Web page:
What is meningococcal disease?
Meningococcal disease is a rare but life-threatening infection caused by a number of different strains of meningococcal bacteria (Neisseria meningitis) that invade the body from the throat or nose.
Meningococcal bacteria are carried in the nose and throat of healthy individuals and are spread through coughing, sneezing or close prolonged contact with infected people. The illness can cause septicaemia (blood poisoning) and meningitis (inflammation of the membranes around the brain and spinal cord).
Who is affected?
The highest rate of meningococcal disease occurs in children under five years of age, although this has decreased since the introduction of the free meningococcal C vaccine under the National Immunisation Program.
The bacteria is also commonly found in teenagers and young adults.
Most people with meningococcal infection fully recover, but one in thirty people who survive can develop longterm health complications including limb deformity, skin scarring, deafness and possible loss of brain function. Meningococcal W disease has a higher death rate than meningococcal C and meningococcal B infections and may be fatal in about 1 in 10 cases.
It takes between one and 10 days (commonly three-four days) for symptoms of meningococcal meningitis to show after infection. These symptoms, which may not all be present at once, include:
sensitivity to light
People with meningococcal disease can become extremely unwell very quickly. As well as causing meningitis and septicaemia – often simultaneously – meningococcal disease can lead to pneumonia (lung infection), septic arthritis, and conjunctivitis (eye infection).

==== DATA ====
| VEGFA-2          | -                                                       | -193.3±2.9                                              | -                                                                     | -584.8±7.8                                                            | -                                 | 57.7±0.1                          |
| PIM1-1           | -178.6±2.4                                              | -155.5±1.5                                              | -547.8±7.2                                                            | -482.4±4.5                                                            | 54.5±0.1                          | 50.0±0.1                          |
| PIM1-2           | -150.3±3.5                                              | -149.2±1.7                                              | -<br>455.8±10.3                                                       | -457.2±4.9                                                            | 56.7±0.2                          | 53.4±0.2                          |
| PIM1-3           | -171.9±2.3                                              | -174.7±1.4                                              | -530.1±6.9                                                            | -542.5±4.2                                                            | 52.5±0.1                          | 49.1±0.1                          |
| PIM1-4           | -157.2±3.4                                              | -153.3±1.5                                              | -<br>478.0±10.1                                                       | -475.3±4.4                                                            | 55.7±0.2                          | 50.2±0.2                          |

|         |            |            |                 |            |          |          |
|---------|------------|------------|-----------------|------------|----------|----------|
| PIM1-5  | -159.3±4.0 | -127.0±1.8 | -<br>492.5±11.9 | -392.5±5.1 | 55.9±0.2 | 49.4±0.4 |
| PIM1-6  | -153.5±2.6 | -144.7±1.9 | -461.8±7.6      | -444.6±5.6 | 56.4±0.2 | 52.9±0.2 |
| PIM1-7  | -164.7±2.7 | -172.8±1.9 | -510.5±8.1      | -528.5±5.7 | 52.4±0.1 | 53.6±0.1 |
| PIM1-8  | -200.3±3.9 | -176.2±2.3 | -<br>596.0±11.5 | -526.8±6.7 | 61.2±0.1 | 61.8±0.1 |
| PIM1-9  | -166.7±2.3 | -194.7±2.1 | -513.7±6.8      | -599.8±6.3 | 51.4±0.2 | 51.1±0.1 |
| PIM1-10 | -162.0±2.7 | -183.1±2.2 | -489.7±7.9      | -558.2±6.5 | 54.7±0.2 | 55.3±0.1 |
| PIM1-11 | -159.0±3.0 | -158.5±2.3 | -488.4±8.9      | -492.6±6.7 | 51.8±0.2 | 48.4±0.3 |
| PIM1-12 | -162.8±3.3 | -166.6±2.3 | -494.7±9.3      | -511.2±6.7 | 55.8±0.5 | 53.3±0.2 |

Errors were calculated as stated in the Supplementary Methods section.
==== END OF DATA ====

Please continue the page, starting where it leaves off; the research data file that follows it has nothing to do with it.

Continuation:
Globally there are 13 strains of meningococcal disease, the most common being A, B, C, W135 and Y. The two most common strains of meningococcal disease in Australia are B and C.
In Australia, meningococcal infections caused by strain B & C are vaccine preventable in all age groups, including babies and young children.
As part of the Australian immunisation schedule children are vaccinated against Meningococcal C at 12 months. This is in combination with the Haemophilus influenzae type b (Hib) vaccine. The addition of this combined vaccine reduces the number of injections needed at the 12-month schedule point from three to two.
There are 2 other meningococcal vaccinations available : Meningococcal B (Bexsero(R) and Meningococcal ACWY (Menveo(R) / Menactra (R) ).
Meningococcal B is an optional private vaccination available to at risk children.
Meningococcal ACWY is provided by the government to children between the ages of 15 and 19. It is available as an optional private vaccination to younger children.
Hawthorne Clinic stocks all of the meningococcal vaccinations (private and government) and the clinic staff are available to give advice regarding protecting your children from meningococcal infection.
Meningococcal ACWY Vaccination Program
The Queensland government offers free meningococcal ACWY vaccination to all:
Year 10 students through the School Immunisation Program in school year 2017
Young adults aged between 15 to 19 years who can access the vaccine through their doctor or immunisation provider from June 2017 until May 2018.
Why is this program targeting 15 to 19 year olds?
Some of the highest rates of meningococcal carriage occur among 15 to 19 year olds and this age group can transmit the meningococcal bacteria to people who are at increased risk of infection, including young children.
The reason the Government is vaccinating 15 to 19 year olds is to reduce the risk of meningococcal disease caused by strains A, C, W and Y in this age group, and to reduce the spread of meningococcal disease caused by these strains. Vaccinating this group will protect individuals immediately and the wider community over time.
Additional resources and information
Visit the Queensland Health website
Call 13 HEALTH (13 43 25 84)
Download the Queensland Government Meningococcal ACWY Vaccination Program information sheet
Make an appointment with your Doctor here at Hawthorne Clinic
Articles original published by https://www.health.qld.gov.au and http://www.immunise.health.gov.au